I decided to focus on product design because it is a job that is never mindless: you need to always be advocating for the user, which requires empathy from beginning to end. There’s so much more to product design than pushing pixels and making something beautiful—it includes everything from design thinking, process, understanding business goals, marketing, content strategy, conducting (user) research, knowing how to communicate and work on product teams, and most of all, always putting the user first. None of these things are possible without empathy.
So how did you get into mentoring? How would you describe your approach, and what you try to achieve when working with students?
It’s simple really: I knew what it felt like to make a huge career switch—the fears, the feelings of self-doubt, the lack of confidence—and I wanted to share my own learning and experiences with aspiring designers. A huge motivation was knowing what it’s like to hate your job and being able to empathize with and understanding that dreadful feeling of it being a Monday and knowing that there’s a full week of mindless work ahead of you.
My approach differs with every student, but I would describe it as nurturing and adaptive. For me it’s about discovering the strengths, weaknesses and needs of each mentee, and empowering them to become the best designers they can be. However, there is one thing I always do when I first begin mentoring a new student: I make sure to send them a personal email, first to introduce myself and help them feel comfortable, and second to recommend resources like design newsletters to sign up to, blogs to follow, as well as must-read books.
What’s the biggest buzz you’ve got during your time mentoring?
Having an amazing and dedicated mentee receive a product design paid internship (remote-friendly) at the beginning of Phase 2 of UX Academy, before even starting her first capstone project!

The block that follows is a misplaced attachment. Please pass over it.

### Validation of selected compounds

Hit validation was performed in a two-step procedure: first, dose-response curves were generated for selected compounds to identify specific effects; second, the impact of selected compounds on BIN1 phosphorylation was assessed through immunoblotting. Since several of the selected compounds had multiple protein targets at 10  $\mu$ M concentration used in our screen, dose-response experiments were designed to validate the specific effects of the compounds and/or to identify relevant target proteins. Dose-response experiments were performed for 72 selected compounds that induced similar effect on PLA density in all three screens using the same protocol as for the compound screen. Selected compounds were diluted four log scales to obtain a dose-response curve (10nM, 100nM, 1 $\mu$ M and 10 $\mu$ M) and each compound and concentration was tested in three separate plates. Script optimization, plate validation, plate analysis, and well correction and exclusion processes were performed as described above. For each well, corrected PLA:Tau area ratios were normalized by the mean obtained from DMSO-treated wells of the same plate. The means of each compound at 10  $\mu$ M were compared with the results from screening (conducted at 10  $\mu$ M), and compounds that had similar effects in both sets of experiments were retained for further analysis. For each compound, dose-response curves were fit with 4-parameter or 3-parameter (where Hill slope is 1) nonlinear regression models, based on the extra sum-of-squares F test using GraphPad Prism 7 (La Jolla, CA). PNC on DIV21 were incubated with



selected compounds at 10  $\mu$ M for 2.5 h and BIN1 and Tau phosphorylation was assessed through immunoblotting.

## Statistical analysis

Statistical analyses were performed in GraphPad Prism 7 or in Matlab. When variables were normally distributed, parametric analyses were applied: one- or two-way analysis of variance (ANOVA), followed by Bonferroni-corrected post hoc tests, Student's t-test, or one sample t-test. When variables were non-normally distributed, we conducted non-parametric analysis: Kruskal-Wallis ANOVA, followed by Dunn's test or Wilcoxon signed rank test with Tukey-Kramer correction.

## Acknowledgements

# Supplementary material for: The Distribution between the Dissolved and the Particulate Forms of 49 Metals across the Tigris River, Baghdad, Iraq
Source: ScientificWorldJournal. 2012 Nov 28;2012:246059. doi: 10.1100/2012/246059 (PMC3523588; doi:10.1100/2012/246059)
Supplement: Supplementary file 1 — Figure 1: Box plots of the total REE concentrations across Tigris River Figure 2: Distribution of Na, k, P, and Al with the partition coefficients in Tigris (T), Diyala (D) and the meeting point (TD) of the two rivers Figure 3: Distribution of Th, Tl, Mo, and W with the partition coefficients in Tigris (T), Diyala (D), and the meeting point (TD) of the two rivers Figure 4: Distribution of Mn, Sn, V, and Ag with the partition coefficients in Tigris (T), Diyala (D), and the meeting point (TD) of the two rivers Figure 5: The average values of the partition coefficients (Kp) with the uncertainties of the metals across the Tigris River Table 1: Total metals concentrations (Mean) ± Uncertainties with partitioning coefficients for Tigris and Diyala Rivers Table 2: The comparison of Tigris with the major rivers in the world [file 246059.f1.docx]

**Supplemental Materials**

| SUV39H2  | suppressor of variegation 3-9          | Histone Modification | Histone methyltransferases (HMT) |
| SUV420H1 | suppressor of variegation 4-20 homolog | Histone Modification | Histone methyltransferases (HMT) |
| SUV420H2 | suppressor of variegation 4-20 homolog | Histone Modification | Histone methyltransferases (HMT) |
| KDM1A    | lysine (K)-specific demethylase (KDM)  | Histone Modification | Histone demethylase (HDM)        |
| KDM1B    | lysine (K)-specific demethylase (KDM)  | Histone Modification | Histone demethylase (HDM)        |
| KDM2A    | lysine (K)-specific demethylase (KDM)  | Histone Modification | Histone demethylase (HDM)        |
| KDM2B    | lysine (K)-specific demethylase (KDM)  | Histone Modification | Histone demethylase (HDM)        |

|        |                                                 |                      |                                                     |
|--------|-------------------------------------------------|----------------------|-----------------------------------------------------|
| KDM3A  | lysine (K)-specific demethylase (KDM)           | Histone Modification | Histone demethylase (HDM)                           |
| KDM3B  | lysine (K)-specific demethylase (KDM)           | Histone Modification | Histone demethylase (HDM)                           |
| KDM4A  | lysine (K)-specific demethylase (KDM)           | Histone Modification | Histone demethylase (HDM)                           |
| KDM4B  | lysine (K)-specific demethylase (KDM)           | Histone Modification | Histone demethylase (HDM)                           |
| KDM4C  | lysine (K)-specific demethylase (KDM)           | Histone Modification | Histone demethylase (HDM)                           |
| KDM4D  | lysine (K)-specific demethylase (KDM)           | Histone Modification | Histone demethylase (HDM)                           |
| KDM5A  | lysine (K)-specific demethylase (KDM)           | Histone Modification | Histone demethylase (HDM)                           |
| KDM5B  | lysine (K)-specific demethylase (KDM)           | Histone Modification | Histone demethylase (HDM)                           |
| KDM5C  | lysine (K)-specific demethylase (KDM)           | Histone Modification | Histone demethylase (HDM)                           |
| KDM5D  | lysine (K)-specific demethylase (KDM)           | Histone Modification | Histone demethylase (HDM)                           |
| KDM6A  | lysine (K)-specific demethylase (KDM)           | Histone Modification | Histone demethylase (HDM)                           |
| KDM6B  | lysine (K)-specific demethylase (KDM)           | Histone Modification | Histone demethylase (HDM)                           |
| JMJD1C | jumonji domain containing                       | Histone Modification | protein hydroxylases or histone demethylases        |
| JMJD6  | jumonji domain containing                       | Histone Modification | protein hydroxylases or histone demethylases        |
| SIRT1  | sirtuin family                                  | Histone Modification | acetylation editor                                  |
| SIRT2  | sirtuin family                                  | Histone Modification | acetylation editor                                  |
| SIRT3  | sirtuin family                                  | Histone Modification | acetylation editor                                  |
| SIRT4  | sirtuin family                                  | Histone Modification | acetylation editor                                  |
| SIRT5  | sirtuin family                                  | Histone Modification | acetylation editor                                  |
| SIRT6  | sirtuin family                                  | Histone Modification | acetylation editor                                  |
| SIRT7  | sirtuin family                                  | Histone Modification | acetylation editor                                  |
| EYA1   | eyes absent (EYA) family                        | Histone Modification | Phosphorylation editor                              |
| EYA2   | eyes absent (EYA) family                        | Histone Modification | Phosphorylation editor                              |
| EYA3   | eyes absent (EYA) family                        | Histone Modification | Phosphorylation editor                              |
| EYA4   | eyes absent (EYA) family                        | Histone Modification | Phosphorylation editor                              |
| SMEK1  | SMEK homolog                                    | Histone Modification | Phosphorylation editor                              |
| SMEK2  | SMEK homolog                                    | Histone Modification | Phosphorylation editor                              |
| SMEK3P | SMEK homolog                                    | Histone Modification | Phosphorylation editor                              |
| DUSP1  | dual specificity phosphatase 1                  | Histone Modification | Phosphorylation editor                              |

A user flow from Michelle’s Stroll Health project
Which assignment is the most fun to teach?
My favorite assignment of all is mentoring on the task and user flows. It’s definitely something personal from when I was going through my own UX design training, because it’s something I really struggled with. But once I spent enough time practicing and nailing down the flows, it became my favorite part of the entire product design process. It’s such a wonderful feeling to see the same results with my mentees when they master their flows.
What would you say that you get from mentoring students, both personally and professionally?
The ultimate value is definitely seeing my mentees grow as designers from day 1 until the end of the course. I’ve also built very strong mentor-mentee relationships and friendships with current and former students, and I genuinely cannot even put into words how much joy that brings me.
Are there any tips you’d give to new mentors who are unsure what they’re letting themselves in for?
Trust yourself and your design process, and reflect on your own career journey and also what you do on a daily basis as a designer. Since so many of our new mentors are very experienced designers, it’s likely that they’re already providing mentorship in their own workplace. Also, keep in mind that you (new mentor) are a product or UX designer for a reason—you’ve got wisdom to share and there are aspiring designers who need that insight.